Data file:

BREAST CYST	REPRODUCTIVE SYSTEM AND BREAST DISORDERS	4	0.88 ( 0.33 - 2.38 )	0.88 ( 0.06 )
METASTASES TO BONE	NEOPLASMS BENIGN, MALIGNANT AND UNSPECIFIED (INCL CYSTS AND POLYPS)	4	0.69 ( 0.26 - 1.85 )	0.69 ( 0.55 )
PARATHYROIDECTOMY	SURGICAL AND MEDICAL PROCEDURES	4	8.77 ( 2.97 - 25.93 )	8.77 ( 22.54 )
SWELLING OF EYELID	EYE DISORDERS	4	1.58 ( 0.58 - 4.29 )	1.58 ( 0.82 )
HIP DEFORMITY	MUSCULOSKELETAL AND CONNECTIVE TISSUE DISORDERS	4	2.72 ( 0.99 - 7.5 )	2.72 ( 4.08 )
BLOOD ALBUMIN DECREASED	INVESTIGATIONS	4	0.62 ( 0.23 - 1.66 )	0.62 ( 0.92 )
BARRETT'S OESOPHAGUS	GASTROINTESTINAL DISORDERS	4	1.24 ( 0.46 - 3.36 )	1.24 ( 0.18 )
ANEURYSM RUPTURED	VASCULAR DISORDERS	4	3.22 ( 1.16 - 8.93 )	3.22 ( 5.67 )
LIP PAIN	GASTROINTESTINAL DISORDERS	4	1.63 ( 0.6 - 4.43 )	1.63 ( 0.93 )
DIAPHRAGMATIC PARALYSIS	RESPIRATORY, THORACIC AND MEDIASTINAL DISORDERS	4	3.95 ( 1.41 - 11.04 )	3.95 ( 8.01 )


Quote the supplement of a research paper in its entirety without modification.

BREAST CYST	REPRODUCTIVE SYSTEM AND BREAST DISORDERS	4	0.88 ( 0.33 - 2.38 )	0.88 ( 0.06 )
METASTASES TO BONE	NEOPLASMS BENIGN, MALIGNANT AND UNSPECIFIED (INCL CYSTS AND POLYPS)	4	0.69 ( 0.26 - 1.85 )	0.69 ( 0.55 )
PARATHYROIDECTOMY	SURGICAL AND MEDICAL PROCEDURES	4	8.77 ( 2.97 - 25.93 )	8.77 ( 22.54 )
SWELLING OF EYELID	EYE DISORDERS	4	1.58 ( 0.58 - 4.29 )	1.58 ( 0.82 )
HIP DEFORMITY	MUSCULOSKELETAL AND CONNECTIVE TISSUE DISORDERS	4	2.72 ( 0.99 - 7.5 )	2.72 ( 4.08 )
BLOOD ALBUMIN DECREASED	INVESTIGATIONS	4	0.62 ( 0.23 - 1.66 )	0.62 ( 0.92 )
BARRETT'S OESOPHAGUS	GASTROINTESTINAL DISORDERS	4	1.24 ( 0.46 - 3.36 )	1.24 ( 0.18 )
ANEURYSM RUPTURED	VASCULAR DISORDERS	4	3.22 ( 1.16 - 8.93 )	3.22 ( 5.67 )
LIP PAIN	GASTROINTESTINAL DISORDERS	4	1.63 ( 0.6 - 4.43 )	1.63 ( 0.93 )
DIAPHRAGMATIC PARALYSIS	RESPIRATORY, THORACIC AND MEDIASTINAL DISORDERS	4	3.95 ( 1.41 - 11.04 )	3.95 ( 8.01 )